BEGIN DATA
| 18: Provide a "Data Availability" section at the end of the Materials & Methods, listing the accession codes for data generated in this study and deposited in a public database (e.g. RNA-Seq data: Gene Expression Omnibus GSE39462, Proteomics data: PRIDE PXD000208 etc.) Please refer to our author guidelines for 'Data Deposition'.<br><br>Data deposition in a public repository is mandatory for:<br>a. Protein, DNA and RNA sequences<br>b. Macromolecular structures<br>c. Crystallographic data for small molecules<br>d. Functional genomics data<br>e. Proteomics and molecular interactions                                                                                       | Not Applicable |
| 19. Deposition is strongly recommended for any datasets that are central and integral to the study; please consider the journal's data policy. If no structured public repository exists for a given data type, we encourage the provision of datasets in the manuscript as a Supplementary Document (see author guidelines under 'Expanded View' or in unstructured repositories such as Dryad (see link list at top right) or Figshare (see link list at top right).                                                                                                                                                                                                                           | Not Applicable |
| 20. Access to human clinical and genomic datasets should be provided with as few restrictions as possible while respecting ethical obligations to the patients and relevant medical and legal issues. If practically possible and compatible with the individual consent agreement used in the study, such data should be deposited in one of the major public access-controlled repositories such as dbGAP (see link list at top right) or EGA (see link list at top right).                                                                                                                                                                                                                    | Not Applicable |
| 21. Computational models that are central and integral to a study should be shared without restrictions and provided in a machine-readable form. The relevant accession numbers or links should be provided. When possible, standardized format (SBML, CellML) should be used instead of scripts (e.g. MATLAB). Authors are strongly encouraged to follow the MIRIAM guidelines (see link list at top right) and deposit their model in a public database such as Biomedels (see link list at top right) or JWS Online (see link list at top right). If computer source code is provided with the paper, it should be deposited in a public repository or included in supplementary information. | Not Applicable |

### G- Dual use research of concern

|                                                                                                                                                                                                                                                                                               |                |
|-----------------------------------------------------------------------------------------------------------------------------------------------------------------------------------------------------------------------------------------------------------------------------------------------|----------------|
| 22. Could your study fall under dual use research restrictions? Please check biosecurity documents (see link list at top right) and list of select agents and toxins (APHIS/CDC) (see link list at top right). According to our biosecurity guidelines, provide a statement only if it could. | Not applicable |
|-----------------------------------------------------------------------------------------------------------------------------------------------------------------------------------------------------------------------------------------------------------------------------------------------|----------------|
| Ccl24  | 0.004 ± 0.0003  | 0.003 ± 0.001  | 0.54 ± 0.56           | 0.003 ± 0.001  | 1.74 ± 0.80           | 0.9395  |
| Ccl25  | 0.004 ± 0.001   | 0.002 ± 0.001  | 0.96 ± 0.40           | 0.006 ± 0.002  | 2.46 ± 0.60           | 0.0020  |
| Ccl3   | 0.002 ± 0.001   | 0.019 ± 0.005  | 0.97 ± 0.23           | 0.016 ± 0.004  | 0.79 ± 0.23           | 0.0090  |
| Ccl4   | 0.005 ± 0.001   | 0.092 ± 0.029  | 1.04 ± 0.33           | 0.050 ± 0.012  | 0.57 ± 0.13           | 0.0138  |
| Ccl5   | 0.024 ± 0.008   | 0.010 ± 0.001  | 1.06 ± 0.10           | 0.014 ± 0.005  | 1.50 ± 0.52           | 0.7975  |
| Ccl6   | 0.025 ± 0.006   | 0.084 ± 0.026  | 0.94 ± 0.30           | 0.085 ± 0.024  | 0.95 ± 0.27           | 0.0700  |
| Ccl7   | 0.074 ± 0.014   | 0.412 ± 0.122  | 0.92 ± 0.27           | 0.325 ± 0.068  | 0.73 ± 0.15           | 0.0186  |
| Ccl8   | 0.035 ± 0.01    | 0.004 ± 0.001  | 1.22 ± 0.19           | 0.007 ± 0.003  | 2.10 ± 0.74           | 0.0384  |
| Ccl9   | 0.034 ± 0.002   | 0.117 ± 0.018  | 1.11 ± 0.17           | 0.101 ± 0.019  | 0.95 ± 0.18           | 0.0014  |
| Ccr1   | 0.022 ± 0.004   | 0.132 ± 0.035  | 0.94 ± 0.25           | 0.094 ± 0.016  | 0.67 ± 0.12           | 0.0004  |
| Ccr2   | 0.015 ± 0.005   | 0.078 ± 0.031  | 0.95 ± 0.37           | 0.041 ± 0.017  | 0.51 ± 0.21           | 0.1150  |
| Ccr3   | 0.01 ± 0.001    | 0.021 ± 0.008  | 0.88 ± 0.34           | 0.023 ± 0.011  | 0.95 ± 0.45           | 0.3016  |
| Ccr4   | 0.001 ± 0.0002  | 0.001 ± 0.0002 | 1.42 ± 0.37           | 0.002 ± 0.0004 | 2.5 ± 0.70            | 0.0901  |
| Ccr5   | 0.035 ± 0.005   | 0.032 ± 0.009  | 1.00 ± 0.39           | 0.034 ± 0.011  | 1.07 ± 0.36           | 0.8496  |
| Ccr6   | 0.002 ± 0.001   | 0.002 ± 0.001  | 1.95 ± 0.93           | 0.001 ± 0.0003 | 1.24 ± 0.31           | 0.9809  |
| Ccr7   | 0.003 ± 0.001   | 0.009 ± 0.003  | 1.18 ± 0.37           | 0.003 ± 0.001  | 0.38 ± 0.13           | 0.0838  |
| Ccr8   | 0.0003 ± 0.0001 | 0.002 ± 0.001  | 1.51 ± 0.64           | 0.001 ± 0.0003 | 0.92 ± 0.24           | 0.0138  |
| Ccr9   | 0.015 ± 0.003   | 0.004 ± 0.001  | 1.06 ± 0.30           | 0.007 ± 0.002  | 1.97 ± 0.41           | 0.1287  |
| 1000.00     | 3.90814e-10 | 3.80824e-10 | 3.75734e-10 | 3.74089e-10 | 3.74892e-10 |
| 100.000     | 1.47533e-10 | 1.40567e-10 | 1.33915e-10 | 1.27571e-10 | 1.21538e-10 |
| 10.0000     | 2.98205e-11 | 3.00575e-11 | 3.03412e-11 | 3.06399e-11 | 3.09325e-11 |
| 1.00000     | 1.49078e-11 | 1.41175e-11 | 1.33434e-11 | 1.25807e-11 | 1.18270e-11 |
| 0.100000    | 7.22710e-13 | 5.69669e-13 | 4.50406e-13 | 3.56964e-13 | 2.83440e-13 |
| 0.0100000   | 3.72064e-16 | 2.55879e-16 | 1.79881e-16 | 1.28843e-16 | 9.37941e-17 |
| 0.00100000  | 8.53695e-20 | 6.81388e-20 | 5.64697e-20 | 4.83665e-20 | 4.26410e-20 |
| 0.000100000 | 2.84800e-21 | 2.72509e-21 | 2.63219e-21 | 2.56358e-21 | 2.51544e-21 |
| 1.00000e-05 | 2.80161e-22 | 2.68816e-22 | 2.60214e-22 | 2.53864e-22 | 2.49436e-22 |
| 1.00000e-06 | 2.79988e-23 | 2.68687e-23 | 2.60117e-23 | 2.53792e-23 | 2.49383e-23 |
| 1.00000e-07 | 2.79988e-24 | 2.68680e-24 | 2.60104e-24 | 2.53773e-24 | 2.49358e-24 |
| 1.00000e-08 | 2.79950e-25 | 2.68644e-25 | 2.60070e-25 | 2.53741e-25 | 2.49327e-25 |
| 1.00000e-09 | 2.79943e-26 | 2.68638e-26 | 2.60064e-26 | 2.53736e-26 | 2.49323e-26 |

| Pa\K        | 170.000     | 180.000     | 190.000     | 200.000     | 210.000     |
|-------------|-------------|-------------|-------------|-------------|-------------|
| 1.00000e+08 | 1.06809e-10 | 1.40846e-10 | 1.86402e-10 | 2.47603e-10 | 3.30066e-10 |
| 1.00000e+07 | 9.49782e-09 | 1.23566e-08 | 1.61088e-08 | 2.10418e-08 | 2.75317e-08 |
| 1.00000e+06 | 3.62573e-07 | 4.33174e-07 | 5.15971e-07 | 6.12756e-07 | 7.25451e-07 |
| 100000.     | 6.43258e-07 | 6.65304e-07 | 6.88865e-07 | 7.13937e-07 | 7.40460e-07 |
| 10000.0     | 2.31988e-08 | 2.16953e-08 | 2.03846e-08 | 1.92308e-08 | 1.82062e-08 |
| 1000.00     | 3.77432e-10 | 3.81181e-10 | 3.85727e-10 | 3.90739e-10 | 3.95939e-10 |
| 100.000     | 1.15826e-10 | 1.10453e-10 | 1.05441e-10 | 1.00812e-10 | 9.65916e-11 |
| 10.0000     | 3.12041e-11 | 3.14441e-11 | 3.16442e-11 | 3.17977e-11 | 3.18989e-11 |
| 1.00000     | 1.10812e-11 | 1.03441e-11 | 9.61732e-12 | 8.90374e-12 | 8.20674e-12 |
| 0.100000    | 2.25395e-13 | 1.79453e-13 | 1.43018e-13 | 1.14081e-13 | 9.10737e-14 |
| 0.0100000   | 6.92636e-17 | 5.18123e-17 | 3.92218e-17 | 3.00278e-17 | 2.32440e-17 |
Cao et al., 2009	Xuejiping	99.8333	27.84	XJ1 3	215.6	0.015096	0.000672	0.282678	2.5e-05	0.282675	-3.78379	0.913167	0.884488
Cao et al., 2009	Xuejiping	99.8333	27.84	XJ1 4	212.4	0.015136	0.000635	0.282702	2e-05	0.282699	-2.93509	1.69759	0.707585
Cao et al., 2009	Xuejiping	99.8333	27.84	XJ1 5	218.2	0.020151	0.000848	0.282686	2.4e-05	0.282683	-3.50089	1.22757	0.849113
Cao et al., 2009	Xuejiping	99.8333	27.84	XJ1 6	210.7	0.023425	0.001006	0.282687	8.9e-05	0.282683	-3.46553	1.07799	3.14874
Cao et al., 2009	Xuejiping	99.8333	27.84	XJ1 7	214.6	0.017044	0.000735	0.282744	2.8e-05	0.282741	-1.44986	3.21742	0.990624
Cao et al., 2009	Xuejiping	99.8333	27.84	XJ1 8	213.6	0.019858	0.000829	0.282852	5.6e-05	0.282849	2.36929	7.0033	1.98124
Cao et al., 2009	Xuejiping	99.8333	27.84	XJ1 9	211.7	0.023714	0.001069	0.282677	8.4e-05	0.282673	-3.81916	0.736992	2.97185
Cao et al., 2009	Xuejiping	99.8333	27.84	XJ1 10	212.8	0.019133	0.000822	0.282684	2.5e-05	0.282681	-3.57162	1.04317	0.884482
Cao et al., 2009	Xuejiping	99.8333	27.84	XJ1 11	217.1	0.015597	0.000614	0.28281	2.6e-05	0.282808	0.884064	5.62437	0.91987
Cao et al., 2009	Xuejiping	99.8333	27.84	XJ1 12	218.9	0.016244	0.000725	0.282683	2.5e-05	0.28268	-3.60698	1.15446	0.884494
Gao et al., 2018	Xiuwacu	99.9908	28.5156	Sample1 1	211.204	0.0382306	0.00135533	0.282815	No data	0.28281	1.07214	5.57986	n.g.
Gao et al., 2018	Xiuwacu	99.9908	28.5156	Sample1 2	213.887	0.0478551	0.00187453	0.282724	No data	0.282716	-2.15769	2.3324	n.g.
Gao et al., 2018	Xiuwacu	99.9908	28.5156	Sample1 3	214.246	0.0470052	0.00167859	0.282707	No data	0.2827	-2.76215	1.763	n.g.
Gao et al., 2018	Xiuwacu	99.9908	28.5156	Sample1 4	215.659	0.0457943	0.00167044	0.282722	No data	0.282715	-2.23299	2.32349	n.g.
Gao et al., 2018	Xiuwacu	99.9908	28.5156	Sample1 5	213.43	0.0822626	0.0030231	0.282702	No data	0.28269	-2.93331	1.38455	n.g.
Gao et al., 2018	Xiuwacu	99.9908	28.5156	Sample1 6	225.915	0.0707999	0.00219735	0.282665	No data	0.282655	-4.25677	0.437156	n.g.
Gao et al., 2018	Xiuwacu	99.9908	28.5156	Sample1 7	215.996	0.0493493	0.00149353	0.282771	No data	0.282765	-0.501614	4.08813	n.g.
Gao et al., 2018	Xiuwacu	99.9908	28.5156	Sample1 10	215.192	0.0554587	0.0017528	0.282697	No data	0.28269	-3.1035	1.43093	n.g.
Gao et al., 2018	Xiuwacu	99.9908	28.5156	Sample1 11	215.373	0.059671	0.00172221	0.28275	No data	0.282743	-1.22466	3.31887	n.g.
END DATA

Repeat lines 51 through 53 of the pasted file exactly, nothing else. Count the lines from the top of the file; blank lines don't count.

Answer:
| 1.00000     | 1.10812e-11 | 1.03441e-11 | 9.61732e-12 | 8.90374e-12 | 8.20674e-12 |
| 0.100000    | 2.25395e-13 | 1.79453e-13 | 1.43018e-13 | 1.14081e-13 | 9.10737e-14 |
| 0.0100000   | 6.92636e-17 | 5.18123e-17 | 3.92218e-17 | 3.00278e-17 | 2.32440e-17 |